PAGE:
The six basic steps in the production of stained glass
According to Wikipedia, stained glass is a glass composition formed of pieces of glass. These can be white or coloured and can receive painted decoration.
Since the beginning of the Middle Ages, these pieces are assembled by lead profiles. This process, although still dominant today, is not the only one in use: other techniques exist, such as copper ribbon, also known as the Tiffany method.
Step 1: Cartoon
An artist would initially make a sketch of the overall composition of a window. Then full-sized drawings for the whole window or for different sections (panels) of the window were made. These full-sized drawings are called cartoons. Generally, the shapes of the individual glass pieces, the details to be painted, and the colors of the glass were indicated on the cartoon. In the early Middle Ages these were drawn on whitewashed boards. The picture presents the cartoon for the project “La Dame au Rubis”
Step 2: Cutting
Different colors of glass were chosen for separate parts of the design, and the outline of each piece was then painted on the surface with white lime wash. Pieces were cut into rough shapes using a dividing iron, the heated tip of which was applied to the surface of the glass, causing it to break.
The pieces were further reduced to the desired size with a grozing iron—an iron bar with a slot at each end that was used to chip away at the edges of the glass until the exact shape was created. The picture presents glass cutting for the project “Dana 01”
Step 3: Painting
After the glass pieces were cut and shaped, they were painted with a pigment formed by mixing iron oxide and ground copper with powdered glass. I use as well coloured enamels.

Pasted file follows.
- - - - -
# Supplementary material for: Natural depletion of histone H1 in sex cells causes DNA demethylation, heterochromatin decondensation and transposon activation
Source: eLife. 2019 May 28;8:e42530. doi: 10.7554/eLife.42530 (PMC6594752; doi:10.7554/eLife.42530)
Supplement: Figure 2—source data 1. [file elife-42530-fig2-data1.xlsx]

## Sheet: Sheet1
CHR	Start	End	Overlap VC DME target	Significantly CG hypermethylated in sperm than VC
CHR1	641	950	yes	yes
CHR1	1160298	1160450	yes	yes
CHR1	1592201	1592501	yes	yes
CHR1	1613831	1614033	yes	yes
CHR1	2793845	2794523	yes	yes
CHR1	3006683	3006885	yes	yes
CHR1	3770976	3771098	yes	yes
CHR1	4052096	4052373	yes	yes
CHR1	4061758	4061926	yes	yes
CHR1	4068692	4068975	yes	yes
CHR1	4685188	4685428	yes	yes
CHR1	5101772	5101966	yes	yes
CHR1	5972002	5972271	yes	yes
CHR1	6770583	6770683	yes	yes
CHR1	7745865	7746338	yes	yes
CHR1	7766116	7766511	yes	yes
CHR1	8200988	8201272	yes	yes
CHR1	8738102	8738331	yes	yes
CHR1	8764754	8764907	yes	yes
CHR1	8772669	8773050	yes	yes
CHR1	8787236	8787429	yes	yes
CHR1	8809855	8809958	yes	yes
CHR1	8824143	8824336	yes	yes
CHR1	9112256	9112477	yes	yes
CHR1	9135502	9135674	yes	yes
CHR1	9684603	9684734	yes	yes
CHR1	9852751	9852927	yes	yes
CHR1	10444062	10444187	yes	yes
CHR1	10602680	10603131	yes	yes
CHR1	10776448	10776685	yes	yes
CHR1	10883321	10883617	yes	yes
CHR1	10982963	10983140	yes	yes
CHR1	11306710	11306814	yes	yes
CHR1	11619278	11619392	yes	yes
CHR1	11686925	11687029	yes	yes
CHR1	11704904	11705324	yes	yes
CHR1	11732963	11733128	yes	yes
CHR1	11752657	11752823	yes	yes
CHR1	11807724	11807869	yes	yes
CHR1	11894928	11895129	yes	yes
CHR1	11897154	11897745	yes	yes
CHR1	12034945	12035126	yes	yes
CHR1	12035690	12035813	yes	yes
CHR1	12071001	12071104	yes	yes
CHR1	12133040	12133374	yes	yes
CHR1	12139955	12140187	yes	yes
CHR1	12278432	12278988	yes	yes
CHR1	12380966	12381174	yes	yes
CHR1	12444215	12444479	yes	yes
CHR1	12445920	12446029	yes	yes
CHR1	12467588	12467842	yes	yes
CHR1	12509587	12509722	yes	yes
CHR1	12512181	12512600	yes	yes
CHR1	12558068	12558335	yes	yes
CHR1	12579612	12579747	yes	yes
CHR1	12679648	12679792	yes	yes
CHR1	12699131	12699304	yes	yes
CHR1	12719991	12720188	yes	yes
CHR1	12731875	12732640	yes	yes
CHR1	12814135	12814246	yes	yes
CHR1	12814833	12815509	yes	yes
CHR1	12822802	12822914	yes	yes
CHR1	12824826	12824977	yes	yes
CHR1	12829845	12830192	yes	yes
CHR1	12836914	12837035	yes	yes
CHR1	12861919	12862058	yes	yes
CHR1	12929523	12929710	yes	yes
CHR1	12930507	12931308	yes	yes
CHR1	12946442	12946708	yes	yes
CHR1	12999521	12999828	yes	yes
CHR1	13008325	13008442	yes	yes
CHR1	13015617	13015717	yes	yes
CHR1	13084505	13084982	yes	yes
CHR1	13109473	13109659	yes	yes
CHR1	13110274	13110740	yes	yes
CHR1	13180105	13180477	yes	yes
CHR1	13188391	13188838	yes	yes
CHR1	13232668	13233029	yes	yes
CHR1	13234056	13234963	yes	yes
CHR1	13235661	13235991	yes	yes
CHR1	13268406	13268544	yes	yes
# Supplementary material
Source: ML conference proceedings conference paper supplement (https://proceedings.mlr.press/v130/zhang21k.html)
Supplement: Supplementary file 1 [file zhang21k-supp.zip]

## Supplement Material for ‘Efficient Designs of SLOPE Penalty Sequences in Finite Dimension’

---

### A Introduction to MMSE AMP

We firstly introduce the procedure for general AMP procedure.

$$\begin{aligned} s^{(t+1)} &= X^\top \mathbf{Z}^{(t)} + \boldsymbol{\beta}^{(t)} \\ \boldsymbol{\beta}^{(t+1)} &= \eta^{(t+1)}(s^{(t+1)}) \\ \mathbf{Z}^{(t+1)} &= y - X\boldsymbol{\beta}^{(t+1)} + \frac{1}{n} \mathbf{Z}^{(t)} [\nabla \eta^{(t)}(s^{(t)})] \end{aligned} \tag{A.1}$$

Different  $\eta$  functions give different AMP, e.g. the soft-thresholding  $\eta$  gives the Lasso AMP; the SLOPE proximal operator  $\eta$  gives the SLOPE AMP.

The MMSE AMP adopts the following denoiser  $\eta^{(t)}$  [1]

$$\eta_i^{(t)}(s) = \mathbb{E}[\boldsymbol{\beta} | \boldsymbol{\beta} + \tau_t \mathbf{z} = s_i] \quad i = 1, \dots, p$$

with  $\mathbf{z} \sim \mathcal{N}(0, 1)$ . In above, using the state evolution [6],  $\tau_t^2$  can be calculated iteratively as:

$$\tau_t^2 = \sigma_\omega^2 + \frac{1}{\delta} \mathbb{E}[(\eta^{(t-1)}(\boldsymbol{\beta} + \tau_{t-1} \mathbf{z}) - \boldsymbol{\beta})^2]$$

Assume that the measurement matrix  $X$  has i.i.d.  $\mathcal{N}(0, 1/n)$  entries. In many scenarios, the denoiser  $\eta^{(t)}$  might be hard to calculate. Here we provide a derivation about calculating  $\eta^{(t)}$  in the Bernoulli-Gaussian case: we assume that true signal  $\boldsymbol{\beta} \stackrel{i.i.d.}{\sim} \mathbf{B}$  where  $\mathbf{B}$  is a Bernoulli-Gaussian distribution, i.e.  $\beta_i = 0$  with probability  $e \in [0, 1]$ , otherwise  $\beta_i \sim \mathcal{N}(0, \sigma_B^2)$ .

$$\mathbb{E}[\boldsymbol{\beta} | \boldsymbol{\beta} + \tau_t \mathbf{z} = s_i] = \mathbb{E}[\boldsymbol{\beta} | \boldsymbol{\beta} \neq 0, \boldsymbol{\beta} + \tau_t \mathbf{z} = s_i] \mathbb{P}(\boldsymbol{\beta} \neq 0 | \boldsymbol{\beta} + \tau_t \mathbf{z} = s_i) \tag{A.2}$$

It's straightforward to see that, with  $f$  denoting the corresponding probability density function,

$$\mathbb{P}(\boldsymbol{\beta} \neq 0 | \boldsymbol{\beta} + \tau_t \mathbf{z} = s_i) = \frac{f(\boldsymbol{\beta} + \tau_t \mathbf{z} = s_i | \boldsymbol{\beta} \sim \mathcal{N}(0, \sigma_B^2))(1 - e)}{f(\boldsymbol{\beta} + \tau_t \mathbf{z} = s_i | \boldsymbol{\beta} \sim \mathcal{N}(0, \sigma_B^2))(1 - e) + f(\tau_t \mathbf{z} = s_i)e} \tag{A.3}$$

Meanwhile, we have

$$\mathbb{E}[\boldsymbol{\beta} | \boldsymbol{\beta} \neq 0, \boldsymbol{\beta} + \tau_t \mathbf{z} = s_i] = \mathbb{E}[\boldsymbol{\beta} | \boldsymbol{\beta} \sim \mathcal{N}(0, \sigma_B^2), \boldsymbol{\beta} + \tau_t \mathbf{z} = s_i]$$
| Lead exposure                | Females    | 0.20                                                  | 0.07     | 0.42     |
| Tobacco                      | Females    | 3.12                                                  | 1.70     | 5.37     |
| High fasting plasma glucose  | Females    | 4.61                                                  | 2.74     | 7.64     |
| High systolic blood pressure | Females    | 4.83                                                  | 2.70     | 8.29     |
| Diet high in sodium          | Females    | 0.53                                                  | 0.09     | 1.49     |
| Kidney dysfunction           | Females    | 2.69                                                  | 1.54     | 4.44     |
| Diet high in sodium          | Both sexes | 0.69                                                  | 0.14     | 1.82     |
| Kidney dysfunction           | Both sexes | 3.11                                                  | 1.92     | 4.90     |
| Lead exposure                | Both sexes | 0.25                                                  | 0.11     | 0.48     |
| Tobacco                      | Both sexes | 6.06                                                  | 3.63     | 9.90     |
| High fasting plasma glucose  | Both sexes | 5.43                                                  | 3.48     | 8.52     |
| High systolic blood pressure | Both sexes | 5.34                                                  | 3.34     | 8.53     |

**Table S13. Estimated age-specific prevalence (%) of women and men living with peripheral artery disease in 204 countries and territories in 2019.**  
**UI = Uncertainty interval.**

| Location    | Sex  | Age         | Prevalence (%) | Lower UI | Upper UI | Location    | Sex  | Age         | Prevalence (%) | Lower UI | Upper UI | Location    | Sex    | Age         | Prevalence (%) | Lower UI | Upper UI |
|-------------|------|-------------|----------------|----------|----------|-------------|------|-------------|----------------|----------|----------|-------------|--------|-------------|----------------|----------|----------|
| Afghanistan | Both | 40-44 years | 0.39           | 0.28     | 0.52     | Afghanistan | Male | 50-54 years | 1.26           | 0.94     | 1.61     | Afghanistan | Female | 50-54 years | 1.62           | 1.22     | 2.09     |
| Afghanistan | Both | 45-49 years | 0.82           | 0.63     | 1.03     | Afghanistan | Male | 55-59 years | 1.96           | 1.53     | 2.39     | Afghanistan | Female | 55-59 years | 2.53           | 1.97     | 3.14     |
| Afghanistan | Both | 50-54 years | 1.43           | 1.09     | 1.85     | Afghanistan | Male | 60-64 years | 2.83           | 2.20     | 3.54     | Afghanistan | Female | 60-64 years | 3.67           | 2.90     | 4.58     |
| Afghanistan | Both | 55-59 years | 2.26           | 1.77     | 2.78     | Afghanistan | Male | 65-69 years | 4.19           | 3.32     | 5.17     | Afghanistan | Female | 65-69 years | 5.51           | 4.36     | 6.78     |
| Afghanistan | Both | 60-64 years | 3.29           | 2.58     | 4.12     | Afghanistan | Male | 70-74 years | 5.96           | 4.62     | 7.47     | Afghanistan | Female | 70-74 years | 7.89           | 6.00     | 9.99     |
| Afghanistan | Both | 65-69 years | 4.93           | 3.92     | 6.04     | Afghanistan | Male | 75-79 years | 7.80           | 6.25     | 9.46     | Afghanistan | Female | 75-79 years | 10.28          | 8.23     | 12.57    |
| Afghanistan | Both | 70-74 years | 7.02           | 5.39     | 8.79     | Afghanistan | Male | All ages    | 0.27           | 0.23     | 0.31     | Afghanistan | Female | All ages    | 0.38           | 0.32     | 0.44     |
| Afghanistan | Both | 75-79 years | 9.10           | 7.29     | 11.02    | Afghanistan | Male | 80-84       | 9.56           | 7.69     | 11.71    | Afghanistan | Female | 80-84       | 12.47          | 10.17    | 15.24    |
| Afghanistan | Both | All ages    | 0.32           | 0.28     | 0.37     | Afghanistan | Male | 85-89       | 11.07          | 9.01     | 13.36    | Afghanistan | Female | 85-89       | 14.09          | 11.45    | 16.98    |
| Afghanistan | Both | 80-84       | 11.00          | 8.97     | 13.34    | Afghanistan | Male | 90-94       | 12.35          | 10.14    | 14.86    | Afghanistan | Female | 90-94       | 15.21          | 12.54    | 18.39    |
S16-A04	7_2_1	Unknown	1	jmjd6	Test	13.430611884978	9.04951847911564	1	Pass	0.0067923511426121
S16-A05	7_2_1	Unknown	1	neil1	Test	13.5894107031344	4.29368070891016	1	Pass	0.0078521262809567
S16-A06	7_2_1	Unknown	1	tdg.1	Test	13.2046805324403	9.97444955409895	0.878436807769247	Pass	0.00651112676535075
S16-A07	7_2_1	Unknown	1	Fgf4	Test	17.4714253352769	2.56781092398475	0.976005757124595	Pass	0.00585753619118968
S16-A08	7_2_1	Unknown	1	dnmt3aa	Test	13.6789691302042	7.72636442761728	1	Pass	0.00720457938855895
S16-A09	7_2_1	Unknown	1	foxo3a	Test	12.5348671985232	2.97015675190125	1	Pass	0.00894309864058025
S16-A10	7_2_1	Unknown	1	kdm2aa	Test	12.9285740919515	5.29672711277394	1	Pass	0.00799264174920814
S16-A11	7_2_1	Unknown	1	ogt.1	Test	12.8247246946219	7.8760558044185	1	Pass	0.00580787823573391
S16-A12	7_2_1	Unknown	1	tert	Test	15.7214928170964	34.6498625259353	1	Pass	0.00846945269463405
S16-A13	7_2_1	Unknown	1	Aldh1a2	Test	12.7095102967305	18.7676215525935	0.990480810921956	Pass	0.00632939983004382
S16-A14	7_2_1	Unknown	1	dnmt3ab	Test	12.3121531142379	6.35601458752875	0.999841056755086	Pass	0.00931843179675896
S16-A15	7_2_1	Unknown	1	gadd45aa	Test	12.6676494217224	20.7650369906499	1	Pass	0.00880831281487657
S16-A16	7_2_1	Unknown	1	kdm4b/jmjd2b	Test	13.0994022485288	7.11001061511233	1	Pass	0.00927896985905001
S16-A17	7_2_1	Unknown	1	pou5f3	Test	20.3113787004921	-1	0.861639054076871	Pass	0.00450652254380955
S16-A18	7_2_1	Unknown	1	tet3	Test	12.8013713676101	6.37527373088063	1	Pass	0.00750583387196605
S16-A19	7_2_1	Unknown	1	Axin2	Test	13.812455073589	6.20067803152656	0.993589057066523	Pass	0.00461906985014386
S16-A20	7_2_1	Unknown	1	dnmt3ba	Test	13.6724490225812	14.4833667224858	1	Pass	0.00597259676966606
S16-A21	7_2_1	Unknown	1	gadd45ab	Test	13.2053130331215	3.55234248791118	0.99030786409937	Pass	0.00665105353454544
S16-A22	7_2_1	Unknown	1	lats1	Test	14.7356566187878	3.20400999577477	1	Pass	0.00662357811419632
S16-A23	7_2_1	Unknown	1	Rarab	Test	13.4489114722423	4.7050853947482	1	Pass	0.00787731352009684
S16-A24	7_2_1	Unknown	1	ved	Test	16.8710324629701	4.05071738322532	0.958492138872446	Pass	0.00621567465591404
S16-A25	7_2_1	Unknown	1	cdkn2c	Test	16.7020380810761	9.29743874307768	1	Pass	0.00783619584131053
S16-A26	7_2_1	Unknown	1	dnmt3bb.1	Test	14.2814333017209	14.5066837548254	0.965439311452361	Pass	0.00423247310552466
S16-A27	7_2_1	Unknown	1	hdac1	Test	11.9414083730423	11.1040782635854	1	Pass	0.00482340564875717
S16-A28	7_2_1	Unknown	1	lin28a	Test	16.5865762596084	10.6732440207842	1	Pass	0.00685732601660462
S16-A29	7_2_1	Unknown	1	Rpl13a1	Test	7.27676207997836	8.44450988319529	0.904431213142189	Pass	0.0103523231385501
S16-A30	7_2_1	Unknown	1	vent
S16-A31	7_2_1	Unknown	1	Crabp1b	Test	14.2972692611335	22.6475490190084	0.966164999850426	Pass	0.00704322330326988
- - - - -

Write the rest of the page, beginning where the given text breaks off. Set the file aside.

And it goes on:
The image on the left presents the initial phase of painting of the panel “The Singer”. Wine, urine, or vinegar was added to help apply the pigment to the glass. I restrained this list to water and vinegar. This vitreous paint ranged from brown to gray to black. Once painted, the separate pieces of glass were placed in a wood-fired oven called a kiln. The heat of the kiln causes the vitreous paint to fuse permanently to the surface of the glass. During firing, the glass particles in the paint melted and merged with the glass surface to create a range of brown and black tones.
Step 4: Lead
Pieces of glass are held together with narrow strips of lead to form a panel. These strips are referred to as “lead came.” Lead is used because it is flexible and provides the adaptability needed for fitting around the various shapes of the glass pieces.
Step 5: Glazing
“Glazing” is the term for assembling a panel of stained glass that can then be set into a window. After separate pieces of glass are painted and fired, they are placed in position on the cartoon and joined together with lead came to form a panel. In the Middle Ages, a combination knife and hammer was used for this process. The knife edge was used to cut the pieces of came and the hammer end was used to secure nails to the work board to hold the edges in place during assembly. I used exactly the same process in my workshop. The image on the left presents the glazing process of “The Singer”.
Step 6: Cementing
The panel is then cemented to help secure the glass within the leads and to waterproof the window. A semi-liquid cement is applied with a brush and then is covered with a layer of chalk or sawdust to absorb excess liquid. The medieval recipe for this cement is not known, though the main ingredients were probably crushed chalk and linseed oil.
I use the crushed chalk from Meudon in France and linseed oil.
The panel is then scrubbed down with a dry brush until the cement only remains under the lead.